Numonyx Looks to Deliver 65-nm NOR Memory Chips in 2009
Numonyx, a company that got its start earlier this year when Intel and STMicroelectronics each spun off part of their memory businesses, is preparing to bring new NOR flash memory chips to market in 2009 built on 65-nanometer manufacturing technology.
At the Embedded Systems Conference in Boston Oct. 28, Numonyx will display its Axcell M29EW NOR Flash Memory chips, which are being built on the company's new 65-nm technology. Numonyx has already begun sampling the first of these chips, and full production is scheduled to start in the first quarter of 2009.
These NOR flash chips are some of the first products that Numonyx is producing after the company formed earlier this year. The company has already started to produce NOR flash memory chips for cell phones.
The Axcell M29EW memory chips are specifically designed for embedded systems, including high-end, multifunction printers; point-of-sale devices; communication equipment; and consumer electronics, said Jeff Bader, marketing director for the company's Embedded Business Group.
Right now, Numonyx offers NOR memory chips for embedded systems that deliver about 128MB of data storage. When the new Axcell M29EW series comes to market in 2009, Numonyx will increase the capacity of its NOR memory chips to 256MB and eventually offer memory chips that have a 2GB capacity.
"When you look at the embedded market, the range of applications is pretty diverse," said Bader. "When you look at this application range, the applications require a certain size of memory to put the code in or to store the data in. That range is very broad and it matches the breadth of the embedded market as well. We are talking about 256MB that we are introducing today, and its opens up a density range for code and data storage."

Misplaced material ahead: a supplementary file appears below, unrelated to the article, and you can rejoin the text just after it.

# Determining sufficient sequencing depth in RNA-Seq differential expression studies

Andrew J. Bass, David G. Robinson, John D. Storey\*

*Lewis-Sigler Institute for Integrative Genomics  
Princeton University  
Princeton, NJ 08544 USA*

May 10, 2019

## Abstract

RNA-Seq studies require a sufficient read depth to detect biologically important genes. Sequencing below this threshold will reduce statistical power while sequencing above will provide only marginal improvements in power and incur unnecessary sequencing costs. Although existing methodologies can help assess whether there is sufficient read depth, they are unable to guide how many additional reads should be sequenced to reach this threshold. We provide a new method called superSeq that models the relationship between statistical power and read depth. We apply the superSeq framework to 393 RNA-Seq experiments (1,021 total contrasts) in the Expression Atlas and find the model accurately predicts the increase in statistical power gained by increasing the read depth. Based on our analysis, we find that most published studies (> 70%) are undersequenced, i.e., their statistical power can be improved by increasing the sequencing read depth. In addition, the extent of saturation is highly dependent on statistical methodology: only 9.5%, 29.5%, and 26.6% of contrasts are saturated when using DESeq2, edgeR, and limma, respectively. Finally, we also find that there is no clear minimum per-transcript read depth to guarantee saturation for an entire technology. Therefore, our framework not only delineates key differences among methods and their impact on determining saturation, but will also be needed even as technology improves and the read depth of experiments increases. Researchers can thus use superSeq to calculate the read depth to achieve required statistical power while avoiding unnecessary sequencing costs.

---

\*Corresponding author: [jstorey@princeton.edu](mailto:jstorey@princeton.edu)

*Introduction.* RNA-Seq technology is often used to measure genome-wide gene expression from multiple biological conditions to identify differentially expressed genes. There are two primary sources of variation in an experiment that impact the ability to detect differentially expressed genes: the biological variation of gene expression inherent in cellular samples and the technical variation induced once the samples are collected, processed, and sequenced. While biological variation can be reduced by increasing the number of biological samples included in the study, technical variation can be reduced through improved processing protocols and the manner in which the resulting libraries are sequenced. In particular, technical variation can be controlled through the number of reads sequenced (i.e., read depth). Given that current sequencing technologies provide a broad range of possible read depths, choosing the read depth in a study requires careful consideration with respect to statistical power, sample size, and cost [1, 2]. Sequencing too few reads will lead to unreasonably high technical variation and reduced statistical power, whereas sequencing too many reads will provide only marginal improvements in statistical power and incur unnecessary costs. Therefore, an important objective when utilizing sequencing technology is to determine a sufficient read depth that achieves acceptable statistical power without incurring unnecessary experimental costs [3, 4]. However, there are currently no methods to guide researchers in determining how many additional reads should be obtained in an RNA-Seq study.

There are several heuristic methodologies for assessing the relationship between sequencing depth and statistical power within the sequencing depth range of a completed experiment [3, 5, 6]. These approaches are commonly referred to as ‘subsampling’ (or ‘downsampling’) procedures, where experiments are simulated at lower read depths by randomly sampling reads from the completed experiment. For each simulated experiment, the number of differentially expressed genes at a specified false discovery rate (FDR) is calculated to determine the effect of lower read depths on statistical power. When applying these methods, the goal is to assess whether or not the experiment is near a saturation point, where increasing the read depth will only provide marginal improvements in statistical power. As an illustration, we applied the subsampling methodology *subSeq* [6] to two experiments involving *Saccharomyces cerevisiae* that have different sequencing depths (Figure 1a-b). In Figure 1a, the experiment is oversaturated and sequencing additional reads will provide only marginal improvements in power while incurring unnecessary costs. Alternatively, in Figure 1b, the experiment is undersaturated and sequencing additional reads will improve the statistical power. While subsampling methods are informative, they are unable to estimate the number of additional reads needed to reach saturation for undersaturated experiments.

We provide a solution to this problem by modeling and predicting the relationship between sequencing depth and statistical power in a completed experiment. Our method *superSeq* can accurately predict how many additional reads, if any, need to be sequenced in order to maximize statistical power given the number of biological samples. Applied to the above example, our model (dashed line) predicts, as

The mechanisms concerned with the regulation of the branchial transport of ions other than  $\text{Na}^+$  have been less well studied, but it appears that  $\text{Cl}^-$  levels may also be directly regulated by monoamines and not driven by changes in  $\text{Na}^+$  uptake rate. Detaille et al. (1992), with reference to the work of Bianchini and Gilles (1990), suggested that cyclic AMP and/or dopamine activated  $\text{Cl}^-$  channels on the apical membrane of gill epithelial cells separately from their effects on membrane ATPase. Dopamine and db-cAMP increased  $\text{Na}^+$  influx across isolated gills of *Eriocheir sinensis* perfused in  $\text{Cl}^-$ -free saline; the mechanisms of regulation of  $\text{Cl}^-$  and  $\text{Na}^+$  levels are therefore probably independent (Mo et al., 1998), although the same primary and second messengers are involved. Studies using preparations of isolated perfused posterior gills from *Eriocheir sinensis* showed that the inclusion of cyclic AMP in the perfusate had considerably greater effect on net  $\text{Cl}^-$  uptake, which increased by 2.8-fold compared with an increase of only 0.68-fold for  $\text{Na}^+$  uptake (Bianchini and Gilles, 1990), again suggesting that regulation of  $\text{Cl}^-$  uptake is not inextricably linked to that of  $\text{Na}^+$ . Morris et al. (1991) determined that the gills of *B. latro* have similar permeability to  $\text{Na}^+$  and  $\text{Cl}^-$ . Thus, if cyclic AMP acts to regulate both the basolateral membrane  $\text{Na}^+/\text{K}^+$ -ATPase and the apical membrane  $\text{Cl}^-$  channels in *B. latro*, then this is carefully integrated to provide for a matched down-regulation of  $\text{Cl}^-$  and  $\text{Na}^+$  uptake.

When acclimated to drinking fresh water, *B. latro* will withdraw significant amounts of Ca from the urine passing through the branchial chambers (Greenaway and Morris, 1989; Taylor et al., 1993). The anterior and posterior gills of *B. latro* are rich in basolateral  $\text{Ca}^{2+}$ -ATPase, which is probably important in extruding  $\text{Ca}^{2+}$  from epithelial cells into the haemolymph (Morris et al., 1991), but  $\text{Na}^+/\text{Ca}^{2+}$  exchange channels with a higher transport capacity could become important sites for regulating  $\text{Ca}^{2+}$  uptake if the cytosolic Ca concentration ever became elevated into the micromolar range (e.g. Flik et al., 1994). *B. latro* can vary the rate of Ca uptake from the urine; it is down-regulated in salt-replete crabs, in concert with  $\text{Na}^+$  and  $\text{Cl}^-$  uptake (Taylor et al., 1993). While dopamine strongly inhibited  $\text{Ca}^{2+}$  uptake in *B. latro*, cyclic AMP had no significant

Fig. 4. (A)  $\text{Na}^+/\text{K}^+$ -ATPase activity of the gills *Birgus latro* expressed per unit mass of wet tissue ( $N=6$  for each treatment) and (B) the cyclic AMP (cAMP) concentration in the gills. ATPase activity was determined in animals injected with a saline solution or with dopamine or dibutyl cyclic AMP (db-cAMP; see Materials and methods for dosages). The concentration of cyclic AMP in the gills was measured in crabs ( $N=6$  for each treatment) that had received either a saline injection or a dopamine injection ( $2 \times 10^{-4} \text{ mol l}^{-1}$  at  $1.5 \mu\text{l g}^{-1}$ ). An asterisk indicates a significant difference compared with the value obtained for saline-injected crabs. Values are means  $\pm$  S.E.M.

In addition to the density range, Numonyx engineered a number of features into the chips themselves. These technological advances include security features that allow for password access protection, which protects the intellectual property that is included in a device's firmware from being cloned or copied.
Numonyx has also included a faster programming mode that enables systems builders to program these memory chips at speeds of 1.5MB per second. This should reduce the time it takes to manufacture systems.
In the market for nonvolatile embedded memory, Numonyx is competing against two established players: Samsung and Spansion. There are also a number of smaller companies in Taiwan and China that make these types of memory chips.
The market is seen as a lucrative investment. Bader estimates that the worldwide market for embedded memory is worth about $5.2 billion in revenue, and more than half of the market-about $3.7 billion in revenue-is buying NOR memory chips.
The other challenge that Numonyx and other memory makers face is price. The market for NAND flash memory-the type of memory being used in solid-state drives-DRAM (dynamic RAM) and NOR memory remains under pressure, and prices for all of these products continue to fall. While NOR prices are not as unstable as DRAM and NAND flash, Bader said price does remain a concern for Numonyx. (The company also makes NAND flash memory products.)
"The NAND side has been more volatile than the NOR, but these two markets don't operate independently of each other," said Bader.
Numonyx does plan to switch to a new 45-nm manufacturing process for its memory chips that are used in mobile devices in 2009. A specific date has not been made official yet.